CHARLES CARR CLELAND
Charles Carr Cleland was born in Murphysboro, Illinois, on May 15, 1924, and died in Austin, Texas, on December 6, 2008. He served as an Air Force radio operator during World War II from 1943 to 1946. After the war, he attended Southern Illinois University, obtaining a bachelor of science degree in political science in 1950 and a master's degree in educational psychology in 1951. Later he attended The University of Texas at Austin, and in 1957 received a Ph.D. in educational psychology with a minor in general and industrial management. Subsequently he served as assistant director of Brown Schools in Austin, chief psychologist at Lincoln State School and Austin State School, and superintendent of Abilene State School.
Charles was appointed associate professor of educational psychology at The University of Texas in 1964, and in 1968 was promoted to full professor in the Department of Special Education, while retaining voting membership on the faculties of educational psychology and the Graduate School of Business. Upon his retirement in 1988, he was appointed professor emeritus.
Charles was a proficient researcher and author with over 200 academic publications and books. His research reflected an inquisitive mind, creativity, and a dedication to exploring facets of severe disability, particularly profound mental retardation. Titles of his works as author and co-author reflect a unique perspective and include: “Tool use in profoundly retarded humans,” “Effect of increased space on the social behavior of institutionalized profoundly retarded male adults,” “Multiple births and pathology: A territorial perspective,” and “Territoriality and scent-marking.” Unique titles fail to carry the message that much of Charles’ research, while creative and unique, carried considerable practical implications. For example, his article entitled, “Effect of increased space on the social behavior of profoundly retarded humans,” literally changed the spacing and arrangement of beds in institutions serving persons with profound retardation, thus addressing a serious, historical problem of urine odor in such institutions. He stimulated extensive discussion and research from the nation’s discipline of psychology through a simple letter to the editor of the American Psychologist, suggesting a unique interpretation of Harlow’s famous “wire monkey/terrycloth monkey” research. Charles suggested it was not “softness” but smell that brought a preference for the “terrycloth” monkey by adoptive mother monkeys. His work endures in his books on mental retardation that are still recognized as informative sources for scholars and researchers.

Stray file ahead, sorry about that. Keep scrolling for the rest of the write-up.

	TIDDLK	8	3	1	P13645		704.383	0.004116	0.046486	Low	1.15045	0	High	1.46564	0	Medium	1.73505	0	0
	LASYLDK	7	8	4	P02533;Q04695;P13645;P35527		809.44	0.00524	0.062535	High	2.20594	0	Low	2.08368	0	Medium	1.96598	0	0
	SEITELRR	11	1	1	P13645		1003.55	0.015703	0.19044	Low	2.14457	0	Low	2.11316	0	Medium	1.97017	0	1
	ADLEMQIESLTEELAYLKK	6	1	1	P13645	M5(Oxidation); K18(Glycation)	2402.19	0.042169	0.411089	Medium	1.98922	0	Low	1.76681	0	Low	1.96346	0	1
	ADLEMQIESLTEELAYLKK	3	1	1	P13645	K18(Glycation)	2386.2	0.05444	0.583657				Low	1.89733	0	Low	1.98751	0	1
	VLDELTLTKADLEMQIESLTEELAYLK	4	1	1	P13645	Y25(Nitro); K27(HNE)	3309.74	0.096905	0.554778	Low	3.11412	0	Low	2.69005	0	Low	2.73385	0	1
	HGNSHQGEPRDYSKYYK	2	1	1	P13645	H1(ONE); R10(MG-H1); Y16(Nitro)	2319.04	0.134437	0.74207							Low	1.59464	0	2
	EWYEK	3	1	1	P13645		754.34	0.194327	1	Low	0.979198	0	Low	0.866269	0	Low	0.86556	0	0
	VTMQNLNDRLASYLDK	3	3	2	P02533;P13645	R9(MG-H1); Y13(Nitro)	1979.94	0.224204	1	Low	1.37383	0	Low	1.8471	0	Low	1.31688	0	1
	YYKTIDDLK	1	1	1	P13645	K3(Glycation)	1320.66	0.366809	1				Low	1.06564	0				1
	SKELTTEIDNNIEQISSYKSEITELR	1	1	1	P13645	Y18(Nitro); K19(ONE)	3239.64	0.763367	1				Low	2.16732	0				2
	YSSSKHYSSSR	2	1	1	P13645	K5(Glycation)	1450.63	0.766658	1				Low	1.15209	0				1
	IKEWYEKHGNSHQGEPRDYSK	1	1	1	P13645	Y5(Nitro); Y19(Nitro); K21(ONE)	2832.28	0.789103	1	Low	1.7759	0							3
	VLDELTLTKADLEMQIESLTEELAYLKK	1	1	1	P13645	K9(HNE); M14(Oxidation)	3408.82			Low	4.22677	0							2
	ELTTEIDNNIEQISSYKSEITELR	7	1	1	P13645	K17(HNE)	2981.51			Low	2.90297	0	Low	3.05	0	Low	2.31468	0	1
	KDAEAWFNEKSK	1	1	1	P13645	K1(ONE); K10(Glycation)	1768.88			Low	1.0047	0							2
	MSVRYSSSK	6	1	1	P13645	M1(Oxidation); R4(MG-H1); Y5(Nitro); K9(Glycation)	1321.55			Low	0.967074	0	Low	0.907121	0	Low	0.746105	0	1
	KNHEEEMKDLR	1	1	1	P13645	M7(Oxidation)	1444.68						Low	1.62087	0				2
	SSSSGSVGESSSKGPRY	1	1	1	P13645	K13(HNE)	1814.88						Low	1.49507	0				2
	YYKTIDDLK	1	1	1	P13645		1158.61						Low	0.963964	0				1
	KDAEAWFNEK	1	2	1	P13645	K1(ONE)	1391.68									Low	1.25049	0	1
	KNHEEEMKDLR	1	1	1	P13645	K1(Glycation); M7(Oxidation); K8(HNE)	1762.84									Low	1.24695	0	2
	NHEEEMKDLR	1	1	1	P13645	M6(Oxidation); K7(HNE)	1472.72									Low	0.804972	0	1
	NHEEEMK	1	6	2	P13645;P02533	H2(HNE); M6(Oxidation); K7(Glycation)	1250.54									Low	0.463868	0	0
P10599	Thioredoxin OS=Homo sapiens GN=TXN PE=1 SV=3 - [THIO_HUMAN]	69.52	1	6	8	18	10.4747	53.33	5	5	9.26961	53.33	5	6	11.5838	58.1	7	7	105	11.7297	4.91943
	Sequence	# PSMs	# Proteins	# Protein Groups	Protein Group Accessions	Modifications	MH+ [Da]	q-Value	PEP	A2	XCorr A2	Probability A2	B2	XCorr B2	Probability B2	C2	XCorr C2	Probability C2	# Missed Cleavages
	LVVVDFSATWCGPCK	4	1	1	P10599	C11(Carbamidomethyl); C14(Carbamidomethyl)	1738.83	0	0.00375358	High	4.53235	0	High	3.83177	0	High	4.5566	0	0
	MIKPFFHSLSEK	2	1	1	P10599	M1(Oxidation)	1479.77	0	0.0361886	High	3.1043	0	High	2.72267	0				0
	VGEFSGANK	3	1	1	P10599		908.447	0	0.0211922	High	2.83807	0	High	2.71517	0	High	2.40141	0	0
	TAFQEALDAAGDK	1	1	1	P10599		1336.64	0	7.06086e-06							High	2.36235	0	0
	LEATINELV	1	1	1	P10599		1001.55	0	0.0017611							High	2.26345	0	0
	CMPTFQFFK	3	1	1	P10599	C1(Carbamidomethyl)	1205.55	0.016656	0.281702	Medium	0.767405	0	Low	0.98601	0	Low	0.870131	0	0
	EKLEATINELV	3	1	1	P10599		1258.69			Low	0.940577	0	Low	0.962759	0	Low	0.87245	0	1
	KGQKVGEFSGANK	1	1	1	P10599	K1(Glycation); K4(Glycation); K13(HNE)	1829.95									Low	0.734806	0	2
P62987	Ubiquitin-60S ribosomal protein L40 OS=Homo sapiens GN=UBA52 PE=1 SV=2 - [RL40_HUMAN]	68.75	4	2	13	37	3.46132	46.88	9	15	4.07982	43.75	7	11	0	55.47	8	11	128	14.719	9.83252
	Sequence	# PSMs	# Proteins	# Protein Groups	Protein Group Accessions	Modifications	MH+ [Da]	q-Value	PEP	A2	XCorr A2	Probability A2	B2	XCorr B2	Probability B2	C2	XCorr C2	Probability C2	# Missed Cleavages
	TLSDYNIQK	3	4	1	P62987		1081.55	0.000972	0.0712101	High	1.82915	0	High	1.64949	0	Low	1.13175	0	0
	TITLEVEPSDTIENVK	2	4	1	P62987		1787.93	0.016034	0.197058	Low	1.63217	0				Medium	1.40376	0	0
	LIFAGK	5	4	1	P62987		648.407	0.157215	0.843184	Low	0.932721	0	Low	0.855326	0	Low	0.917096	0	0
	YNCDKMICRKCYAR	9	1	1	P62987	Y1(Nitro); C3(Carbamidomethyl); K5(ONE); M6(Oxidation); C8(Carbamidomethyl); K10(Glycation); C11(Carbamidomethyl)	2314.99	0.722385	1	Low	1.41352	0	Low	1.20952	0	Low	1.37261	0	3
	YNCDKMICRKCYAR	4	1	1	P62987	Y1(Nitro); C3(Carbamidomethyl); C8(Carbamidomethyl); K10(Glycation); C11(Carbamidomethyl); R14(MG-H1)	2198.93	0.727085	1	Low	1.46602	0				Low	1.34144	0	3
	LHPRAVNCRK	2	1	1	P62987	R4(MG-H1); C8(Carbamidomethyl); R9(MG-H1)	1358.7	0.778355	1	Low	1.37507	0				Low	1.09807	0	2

Charles made notable contributions to the practice of psychology as a key operative in the creation and codification of the State of Texas Board of Examiners of Psychologists. The Board brought the practice of psychology in Texas to a standard of professionalism, protection of the public, and respect for the discipline needed and long sought after by professional psychologists.
Fellow faculty, friends, and former students remember him as an unrelenting maverick, and a wonderful colleague and mentor. He was gruff and irascible, yet gentle and caring; he was often frightening and unapproachable, yet unusually gracious and kind. Charles was also courageous in confronting institutional insensitivity. At times, his cynical interpretation of organizational leadership and politics brought caution or review to organization policies and practices. He was a truly unique human being and will be missed by all who knew him.
William Powers Jr., President
The University of Texas at Austin
Sue Alexander Greninger, Secretary
The General Faculty
This memorial resolution was prepared by a special committee consisting of Professors Randall Parker (Chair), Alba Ortiz, and James Yates.